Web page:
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Reviewed by:
  • Philosophy and the Historical Perspective ed. by Marcel van Ackeren and Lee Klein
  • Sandra Lapointe
Marcel van Ackeren and Lee Klein, editors. Philosophy and the Historical Perspective. Proceedings of the British Academy 214. Oxford: Oxford University Press, 2018. Pp. x + 253. Cloth, $85.00.

Philosophy and the Historical Perspective contains fourteen chapters, each of which is an attempt to enrich our conception of the relationship of analytical philosophy to history. Some chapters seek insight from the philosophical canon: Robert Pippin (chapter 10) offers an insightful discussion of Hegel's historiographical methodology, and Brian Leiter (chapter 11) presents aspects of Nietzsche's. Many of the chapters set research agendas that would deserve entire volumes. For instance, van Ackeren (chapter 4) asks whether there are transhistorical philosophical problems, and Thomas Grundmann (chapter 3) what philosophical progress looks like. Christof Rapp (chapter 7) casts doubt on the idea that hard-core analytic philosophers like Austin and Ryle were committed to antihistoricism. He draws a remarkably detailed picture of the way in which, by modeling a new type of philosophical engagement with ancient authors—one informed by standard historiographical or philological concerns, yet not driven by them—they both contributed to transforming classical scholarship and to shaping a distinctively analytical approach to ancient philosophy. I wish I could discuss the latter in more detail, and if I am selective, it is not for lack of interest. [End Page 830]

The bulk of the chapters, including van Ackeren's (introduction and chapter 4), Hans-Johann Glock's (chapter 1), Michael Della Rocca's (chapter 5), and Dominik Perler's (chapter 8), ask a similar question: what kind and what degree of "historicism" are appropriate in philosophy? I find it difficult to assess their views. Participants in the so-called instrumentalism debate commonly make assumptions about matters that are no less fundamental than the questions they seek to answer, each feeding into more or less tacit conceptions of the nature of and the connection between philosophy and history. This in turn calls for consideration of (i) the purpose of philosophy, (ii) the aims and methods of historiographical and philological inquiry, (iii) the metaphysics of disciplines and social institutions, (iv) the sociology of humanistic knowledge, (v) the linguistic and (vi) psychological dimensions of knowledge transmission, as well as (vii) the epistemology of textual interpretation, among other things. Given the complexity of these questions—and it would be wrong to dismiss these concerns to fit simpler, more manageable inquiries—I believe the answers they provide are tentative at best.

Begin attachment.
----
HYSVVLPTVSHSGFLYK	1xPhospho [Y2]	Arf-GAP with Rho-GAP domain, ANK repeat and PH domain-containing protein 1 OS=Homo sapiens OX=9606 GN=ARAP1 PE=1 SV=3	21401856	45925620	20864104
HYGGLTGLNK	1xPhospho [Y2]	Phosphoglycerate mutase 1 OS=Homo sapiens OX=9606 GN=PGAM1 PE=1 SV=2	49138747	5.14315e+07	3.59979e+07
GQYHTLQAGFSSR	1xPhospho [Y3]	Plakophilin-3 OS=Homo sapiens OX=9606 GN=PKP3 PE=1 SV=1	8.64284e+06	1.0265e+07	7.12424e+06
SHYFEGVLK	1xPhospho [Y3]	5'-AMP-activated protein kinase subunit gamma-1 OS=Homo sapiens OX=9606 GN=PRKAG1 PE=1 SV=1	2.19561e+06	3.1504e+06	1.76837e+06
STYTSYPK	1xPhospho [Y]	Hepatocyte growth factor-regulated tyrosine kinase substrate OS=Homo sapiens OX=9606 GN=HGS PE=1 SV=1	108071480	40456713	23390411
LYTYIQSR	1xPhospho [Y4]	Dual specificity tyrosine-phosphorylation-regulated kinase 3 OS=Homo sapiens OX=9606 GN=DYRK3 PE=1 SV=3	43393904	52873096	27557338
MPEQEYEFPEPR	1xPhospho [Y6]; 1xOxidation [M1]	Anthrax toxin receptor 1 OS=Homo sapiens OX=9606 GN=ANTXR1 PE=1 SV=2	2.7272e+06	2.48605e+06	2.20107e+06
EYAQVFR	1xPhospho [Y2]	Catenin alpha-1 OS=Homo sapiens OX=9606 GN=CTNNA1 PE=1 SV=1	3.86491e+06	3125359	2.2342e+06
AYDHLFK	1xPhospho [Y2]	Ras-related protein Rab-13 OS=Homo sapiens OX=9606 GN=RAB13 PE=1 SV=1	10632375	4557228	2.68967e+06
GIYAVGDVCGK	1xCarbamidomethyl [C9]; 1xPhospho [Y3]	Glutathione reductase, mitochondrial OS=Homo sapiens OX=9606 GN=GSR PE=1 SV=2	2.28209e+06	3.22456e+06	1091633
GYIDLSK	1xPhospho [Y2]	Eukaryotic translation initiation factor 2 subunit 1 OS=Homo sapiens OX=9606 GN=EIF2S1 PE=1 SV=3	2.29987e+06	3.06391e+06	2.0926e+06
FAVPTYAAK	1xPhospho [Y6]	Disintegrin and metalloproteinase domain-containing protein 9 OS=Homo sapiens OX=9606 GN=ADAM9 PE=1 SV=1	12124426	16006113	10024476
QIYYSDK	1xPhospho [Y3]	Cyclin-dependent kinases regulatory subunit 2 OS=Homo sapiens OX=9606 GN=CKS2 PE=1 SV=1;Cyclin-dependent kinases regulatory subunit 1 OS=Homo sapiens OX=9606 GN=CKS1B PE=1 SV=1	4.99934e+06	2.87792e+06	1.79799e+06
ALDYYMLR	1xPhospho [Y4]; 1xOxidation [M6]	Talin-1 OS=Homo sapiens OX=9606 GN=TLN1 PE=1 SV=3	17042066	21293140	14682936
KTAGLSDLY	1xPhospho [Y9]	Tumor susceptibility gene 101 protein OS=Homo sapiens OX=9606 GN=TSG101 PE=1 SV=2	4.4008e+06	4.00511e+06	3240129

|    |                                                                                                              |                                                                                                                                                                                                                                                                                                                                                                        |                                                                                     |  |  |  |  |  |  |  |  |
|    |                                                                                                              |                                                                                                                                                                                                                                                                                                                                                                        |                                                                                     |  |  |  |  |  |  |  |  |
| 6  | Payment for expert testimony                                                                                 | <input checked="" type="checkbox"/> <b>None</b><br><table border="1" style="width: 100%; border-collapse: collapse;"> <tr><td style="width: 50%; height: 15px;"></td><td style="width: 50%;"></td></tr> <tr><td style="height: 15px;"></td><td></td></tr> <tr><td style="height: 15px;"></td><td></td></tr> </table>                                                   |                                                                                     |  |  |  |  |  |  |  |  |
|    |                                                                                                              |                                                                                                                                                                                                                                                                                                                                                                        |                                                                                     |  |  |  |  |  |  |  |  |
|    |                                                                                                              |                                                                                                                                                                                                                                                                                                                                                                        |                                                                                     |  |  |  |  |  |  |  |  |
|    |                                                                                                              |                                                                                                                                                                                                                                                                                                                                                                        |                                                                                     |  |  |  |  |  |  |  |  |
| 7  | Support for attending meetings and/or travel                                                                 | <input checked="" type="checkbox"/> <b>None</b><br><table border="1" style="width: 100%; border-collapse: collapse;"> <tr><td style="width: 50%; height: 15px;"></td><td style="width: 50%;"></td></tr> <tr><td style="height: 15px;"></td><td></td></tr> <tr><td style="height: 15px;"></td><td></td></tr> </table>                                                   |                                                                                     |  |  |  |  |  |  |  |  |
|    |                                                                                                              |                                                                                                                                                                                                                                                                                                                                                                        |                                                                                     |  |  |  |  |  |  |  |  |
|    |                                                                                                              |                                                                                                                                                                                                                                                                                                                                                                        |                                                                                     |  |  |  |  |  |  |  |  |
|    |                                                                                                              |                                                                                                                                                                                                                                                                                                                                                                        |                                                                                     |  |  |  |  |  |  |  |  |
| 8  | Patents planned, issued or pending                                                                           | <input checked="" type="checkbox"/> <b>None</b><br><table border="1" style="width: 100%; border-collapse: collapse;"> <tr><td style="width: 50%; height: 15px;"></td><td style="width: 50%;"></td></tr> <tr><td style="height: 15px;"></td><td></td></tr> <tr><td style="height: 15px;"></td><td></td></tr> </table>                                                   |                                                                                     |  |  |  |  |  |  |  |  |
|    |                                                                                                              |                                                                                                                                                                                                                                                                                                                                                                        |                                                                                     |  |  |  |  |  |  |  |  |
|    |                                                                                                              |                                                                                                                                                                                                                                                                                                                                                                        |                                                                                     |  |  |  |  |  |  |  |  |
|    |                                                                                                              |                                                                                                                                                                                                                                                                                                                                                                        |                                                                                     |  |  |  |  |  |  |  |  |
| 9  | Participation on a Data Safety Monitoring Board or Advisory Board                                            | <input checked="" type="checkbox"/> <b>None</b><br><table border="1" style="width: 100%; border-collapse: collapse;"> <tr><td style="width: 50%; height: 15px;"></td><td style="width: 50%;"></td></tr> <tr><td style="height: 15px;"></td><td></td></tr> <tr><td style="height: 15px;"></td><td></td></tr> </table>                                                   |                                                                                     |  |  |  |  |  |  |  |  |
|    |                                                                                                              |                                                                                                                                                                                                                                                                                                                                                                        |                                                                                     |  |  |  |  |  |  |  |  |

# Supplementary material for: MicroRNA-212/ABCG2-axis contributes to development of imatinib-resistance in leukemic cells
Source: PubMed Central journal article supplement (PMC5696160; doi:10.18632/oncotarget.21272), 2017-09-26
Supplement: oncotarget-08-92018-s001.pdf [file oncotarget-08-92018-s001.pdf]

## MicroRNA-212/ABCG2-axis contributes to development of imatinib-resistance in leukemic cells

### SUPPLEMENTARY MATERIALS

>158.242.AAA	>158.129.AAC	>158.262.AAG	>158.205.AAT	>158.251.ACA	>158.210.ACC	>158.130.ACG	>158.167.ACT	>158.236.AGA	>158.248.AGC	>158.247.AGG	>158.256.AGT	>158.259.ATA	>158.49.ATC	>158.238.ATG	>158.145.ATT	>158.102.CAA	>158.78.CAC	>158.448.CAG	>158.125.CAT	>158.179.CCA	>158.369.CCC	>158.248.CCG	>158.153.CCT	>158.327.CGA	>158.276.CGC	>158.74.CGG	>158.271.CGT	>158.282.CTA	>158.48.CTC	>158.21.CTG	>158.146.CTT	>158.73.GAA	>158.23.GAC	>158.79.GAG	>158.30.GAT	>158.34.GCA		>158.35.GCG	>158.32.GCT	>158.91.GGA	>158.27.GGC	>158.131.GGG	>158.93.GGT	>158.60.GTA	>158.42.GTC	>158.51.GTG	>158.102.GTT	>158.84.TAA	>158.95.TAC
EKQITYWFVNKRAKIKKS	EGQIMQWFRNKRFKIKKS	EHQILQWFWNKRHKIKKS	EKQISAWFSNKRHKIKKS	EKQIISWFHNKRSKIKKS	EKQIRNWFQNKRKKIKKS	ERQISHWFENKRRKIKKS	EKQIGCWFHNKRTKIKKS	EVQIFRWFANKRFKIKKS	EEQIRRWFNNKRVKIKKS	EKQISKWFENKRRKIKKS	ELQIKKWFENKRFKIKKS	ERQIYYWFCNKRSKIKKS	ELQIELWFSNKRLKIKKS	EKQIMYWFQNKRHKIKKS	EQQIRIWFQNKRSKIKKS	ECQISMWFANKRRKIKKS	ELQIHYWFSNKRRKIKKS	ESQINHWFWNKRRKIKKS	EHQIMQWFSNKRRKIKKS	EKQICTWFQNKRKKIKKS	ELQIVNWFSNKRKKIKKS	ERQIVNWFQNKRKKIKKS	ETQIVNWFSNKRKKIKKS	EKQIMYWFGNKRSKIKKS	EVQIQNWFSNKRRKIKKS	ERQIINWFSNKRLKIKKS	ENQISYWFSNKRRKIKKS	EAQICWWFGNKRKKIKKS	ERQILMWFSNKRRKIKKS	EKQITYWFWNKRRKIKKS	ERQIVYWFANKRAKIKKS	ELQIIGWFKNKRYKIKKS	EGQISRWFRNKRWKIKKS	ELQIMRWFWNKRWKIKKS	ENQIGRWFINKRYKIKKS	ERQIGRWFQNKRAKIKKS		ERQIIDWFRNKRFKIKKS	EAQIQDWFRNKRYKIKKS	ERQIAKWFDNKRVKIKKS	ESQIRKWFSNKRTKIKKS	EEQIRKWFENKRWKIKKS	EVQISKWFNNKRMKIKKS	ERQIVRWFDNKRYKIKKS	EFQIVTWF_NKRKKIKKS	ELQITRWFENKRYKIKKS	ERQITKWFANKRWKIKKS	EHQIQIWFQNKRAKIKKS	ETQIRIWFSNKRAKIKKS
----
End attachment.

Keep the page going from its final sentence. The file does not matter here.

The good news is that this volume contains contributions that genuinely move forward research on the foundations of methodology in the history of philosophy. John Marenbon (chapter 2) sets the proper tone: the value of history for philosophy, whatever it turns out to be, resides in its methods; therefore, we need to understand what they are. On Marenbon's view, texts are the repository of philosophical arguments and ought to be evaluated as such. The crucial question then is, how should historians select their material, given that past philosophical concerns often cease to be perceived as pertaining to philosophy by practitioners downstream? Marenbon argues that breadth and comprehensiveness are imperative, but impeded by a certain conception of the canon, one focused on the fifth and fourth centuries BCE and on what comes after the sixteenth century, in one single geographical region: the West. Marenbon is right to point out that this conception of the canon reflects an unfortunate tendency to whiggishness that makes the resulting narratives at once narrow and partial. And he is also right that change needs to be propelled by a reassessment of the status of methodology in the history of philosophy.

Noteworthy is the book's succeeding in documenting an important emerging trend in the field: the suggestion that historical reflection is the metacognitive vehicle of disciplinary hygiene. Christina Van Dyke (chapter 9), for one, argues that history of philosophy can play a "corrective" role: when we analyze the development of key concepts in context, we are in a position to unveil problematic prejudices. In that sense at least, contextualization is a genuine philosophical resource, a point she aptly illustrates with examples from...


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